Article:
https://www.youtube.com/watch?v=F-1zD6_Yjig (5:08 minutes)
25 years ago 113 lives came to an abrupt, horrifying end, and the British nation's love affair with a noisy, expensive, beautiful aeroplane died with them.
25 July 2000: Air France Flight 4590 was a Concorde flight operated by Air France which was scheduled to run from Charles de Gaulle International Airport near Paris, to John F. Kennedy International Airport in New York City. It crashed in Gonesse, France just 2 minutes after take-off & 6.4km (4 miles) from the airport. All one hundred passengers and nine crew members on board the flight died. On the ground, four people were killed with one left injured.
Until that day Concorde had a perfect safety record, plus a terrifying vulnerability that each manufacturer kept secret.
Concorde was a joint project between the British Aircraft Corporation (BAC) & Aérospatiale (the French insisted on the 'E' at the end of the name). The first flight was on 2 March 1969 & it entered into service for both nations on 21 January 1976.
It was fantastically noisy and, because it flew faster than sound (Mach 2.04) (~2,179 km/h (1,354 mph) cruising speed), had a habit of breaking windows on the ground. I visited G-AXDN Concorde at the Imperial War Museum, Duxford; I recall the cabin as being incredibly narrow. It drank aviation fuel like there was no tomorrow (4,800 gallons per hour (22,000 L/h) at 60,000 feet (18,000 m) cruising). It cost a small fortune to fly within. Every other developed nation in the world tried to kill it, and the Brits absolutely loved it. It may have been a noisy, dirty, expensive beast but it was their noisy, dirty expensive beast and beautiful as well. Plus--apart from the Russians (the Tupolev Tu-144, rapidly withdrawn from service)--no-one else had one.
The design inspiration for Concorde began in the mid-1950s. Preparation continued throughout the period & finally a draft treaty was signed on 29 November 1962 between the UK & French governments. A promotional advertisement in the 29 May 1967 issue of Aviation Week & Space Technology suggested a market of 350 aircraft by 1980. The consortium actually got non-binding orders for 100 aircraft, and most of those were doomed to be cancelled (a Tu-144 crashing at the Paris Air Show did not help, and neither did the spiralling cost of fuel).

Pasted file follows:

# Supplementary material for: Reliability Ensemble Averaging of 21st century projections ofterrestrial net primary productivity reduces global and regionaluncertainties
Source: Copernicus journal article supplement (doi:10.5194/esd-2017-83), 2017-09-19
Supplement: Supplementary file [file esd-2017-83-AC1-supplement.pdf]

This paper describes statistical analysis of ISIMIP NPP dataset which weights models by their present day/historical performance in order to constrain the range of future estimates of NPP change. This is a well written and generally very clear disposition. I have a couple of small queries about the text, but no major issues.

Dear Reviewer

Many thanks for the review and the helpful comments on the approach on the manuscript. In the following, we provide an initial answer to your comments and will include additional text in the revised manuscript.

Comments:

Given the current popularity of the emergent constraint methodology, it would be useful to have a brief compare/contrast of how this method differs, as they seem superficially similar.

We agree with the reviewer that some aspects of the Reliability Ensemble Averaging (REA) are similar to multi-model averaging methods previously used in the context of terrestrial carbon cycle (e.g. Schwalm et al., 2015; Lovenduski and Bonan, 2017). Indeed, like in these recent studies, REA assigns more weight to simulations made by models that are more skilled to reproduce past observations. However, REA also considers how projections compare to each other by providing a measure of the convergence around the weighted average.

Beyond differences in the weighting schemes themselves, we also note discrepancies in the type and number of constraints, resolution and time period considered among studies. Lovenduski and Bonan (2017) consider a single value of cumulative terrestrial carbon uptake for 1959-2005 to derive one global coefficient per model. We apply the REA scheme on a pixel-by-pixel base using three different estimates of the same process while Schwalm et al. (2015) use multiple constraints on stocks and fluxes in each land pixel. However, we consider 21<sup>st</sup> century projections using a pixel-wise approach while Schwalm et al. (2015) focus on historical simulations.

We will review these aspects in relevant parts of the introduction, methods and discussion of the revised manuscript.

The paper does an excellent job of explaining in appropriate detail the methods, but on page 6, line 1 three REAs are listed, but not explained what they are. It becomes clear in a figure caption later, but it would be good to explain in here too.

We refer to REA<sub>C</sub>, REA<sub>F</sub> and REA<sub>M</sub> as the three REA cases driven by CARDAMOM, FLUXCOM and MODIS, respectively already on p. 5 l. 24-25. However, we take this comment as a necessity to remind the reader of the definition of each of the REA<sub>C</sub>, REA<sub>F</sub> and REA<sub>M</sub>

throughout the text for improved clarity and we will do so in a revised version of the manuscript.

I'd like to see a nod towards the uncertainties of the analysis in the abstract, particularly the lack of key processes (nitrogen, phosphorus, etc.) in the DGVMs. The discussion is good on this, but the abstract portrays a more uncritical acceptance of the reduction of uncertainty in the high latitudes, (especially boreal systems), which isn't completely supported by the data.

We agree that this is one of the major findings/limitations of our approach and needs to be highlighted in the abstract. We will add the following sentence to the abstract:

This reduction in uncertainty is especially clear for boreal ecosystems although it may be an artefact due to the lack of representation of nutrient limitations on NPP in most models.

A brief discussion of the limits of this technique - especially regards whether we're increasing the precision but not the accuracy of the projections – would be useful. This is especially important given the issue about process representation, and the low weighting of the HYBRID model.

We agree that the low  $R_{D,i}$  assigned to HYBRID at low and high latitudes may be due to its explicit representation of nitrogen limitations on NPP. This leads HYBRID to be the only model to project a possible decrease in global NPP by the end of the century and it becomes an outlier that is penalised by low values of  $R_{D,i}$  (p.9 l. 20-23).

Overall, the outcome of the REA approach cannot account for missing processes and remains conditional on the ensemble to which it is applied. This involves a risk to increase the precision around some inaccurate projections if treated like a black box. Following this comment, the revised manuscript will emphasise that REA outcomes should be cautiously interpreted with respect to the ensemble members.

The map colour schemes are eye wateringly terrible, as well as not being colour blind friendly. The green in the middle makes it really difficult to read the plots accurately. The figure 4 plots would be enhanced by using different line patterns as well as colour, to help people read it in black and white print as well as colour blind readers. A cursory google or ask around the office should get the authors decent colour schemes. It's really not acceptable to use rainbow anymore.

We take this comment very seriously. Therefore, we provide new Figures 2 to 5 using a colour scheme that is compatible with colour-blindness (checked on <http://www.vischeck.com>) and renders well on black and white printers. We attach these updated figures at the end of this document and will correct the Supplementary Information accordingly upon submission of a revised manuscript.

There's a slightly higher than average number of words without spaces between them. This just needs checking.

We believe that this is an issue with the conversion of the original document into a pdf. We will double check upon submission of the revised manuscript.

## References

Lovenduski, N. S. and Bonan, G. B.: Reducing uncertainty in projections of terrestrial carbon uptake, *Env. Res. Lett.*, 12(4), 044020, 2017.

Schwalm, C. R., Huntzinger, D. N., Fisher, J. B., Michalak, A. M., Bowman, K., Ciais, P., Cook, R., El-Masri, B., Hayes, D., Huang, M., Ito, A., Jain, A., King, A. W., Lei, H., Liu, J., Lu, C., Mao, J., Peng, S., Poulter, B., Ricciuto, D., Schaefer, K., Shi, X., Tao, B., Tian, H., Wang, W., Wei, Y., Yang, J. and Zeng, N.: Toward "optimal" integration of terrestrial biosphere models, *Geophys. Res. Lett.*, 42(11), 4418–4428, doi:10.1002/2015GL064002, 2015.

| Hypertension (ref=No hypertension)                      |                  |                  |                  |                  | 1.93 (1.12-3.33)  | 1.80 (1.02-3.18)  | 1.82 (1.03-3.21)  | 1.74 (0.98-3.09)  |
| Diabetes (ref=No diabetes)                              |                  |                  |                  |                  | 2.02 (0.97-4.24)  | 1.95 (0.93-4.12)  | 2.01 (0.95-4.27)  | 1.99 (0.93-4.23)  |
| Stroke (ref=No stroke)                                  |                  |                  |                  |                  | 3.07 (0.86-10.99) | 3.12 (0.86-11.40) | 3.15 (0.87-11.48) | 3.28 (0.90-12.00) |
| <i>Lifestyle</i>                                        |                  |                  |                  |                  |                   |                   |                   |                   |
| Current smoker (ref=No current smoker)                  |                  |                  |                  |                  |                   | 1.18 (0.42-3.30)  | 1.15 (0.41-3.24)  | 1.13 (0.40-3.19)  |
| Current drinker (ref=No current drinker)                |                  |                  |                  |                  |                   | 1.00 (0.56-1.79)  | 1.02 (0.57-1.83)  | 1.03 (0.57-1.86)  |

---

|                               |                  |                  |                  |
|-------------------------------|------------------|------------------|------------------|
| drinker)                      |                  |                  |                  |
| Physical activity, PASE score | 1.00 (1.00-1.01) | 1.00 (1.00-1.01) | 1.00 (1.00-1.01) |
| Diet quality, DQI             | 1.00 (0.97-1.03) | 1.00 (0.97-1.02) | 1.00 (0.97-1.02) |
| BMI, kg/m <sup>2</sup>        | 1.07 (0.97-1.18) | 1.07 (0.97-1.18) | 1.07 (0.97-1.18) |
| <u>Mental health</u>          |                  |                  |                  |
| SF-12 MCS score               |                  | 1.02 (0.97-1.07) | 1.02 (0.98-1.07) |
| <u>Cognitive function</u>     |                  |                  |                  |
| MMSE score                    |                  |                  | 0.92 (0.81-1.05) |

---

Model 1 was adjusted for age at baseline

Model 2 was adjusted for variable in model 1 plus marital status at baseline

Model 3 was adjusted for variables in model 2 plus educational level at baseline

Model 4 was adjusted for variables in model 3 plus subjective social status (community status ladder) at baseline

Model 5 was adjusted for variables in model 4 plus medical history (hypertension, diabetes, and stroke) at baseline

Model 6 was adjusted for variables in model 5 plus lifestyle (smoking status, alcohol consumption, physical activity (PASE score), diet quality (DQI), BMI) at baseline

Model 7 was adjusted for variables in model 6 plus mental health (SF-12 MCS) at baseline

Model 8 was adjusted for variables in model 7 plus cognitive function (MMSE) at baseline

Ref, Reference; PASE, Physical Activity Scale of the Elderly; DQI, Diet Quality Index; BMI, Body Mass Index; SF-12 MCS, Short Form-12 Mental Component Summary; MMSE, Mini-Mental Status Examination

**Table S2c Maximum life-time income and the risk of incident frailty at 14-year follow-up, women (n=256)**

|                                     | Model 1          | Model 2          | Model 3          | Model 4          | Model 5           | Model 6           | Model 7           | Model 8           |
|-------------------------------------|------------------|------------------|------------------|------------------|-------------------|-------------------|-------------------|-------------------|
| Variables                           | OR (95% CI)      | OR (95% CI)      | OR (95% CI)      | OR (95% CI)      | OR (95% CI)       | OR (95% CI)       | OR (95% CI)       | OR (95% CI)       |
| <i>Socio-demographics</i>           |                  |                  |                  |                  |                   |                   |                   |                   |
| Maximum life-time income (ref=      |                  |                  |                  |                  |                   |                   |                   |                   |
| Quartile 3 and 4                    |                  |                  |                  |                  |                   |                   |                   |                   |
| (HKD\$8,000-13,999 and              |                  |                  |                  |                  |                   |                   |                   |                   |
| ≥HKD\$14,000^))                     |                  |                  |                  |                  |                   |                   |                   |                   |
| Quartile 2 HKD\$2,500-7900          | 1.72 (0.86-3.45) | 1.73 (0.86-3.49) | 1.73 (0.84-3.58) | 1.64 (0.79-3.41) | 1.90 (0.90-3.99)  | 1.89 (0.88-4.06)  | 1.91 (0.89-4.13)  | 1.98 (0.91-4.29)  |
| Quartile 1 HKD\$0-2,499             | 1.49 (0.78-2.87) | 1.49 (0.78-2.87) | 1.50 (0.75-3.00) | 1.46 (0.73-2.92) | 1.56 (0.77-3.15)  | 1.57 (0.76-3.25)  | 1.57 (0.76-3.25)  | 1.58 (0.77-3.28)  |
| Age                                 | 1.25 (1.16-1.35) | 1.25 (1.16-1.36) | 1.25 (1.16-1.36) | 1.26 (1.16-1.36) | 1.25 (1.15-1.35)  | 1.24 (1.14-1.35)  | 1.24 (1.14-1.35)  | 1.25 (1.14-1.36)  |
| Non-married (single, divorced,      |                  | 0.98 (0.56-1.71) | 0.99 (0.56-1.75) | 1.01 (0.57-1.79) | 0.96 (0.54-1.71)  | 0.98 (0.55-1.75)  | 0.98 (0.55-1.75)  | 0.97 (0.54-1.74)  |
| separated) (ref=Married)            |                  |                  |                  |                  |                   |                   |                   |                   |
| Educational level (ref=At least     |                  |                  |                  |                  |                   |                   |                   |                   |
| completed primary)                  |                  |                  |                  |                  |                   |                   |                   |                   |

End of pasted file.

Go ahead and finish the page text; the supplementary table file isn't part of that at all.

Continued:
The Boeing 747 Jumbo Jet entered service in 1970 and, from that moment, America did everything it could to kill Concorde dead. They almost completely succeeded. In the end just 20 Concorde were built; 7 were delivered to France, 7 to the UK & 6 were kept as "prototype and development aircraft". Although that meant that it never made back it's development costs, the aircraft were financially successful throughout their time until the crash, making a net average profit of about £30m a year (£500m net across the lifetime). It took less than half the time of any other aircraft to get from Europe/UK to the USA (3.5 hours cf 8 hours), and there were plenty of high net-worth individuals and/or companies willing to pay to do that.
The aircraft was a development & construction marvel:
There was one, small feature that was spotted but never fixed: the fuel tanks were vulnerable from below, and armouring was considered but never added. For 24 years this vulnerability made no difference but then, on that fateful day in 2000, a series of unfortunate events culminated together:-
Air France grounded it's entire Concorde fleet immediately. British Airways cancelled the afternoon flights, but then resumed normal service. They kept going until the writing was on the wall. They stopped on 15th August 2000 & the next day the Concorde certificate of airworthiness was withdrawn, effectively grounding all of the remaining fleet.
All it needed was a few layers of kevlar, but they didn't do it. And 113 people died.
--------- Alex Kemp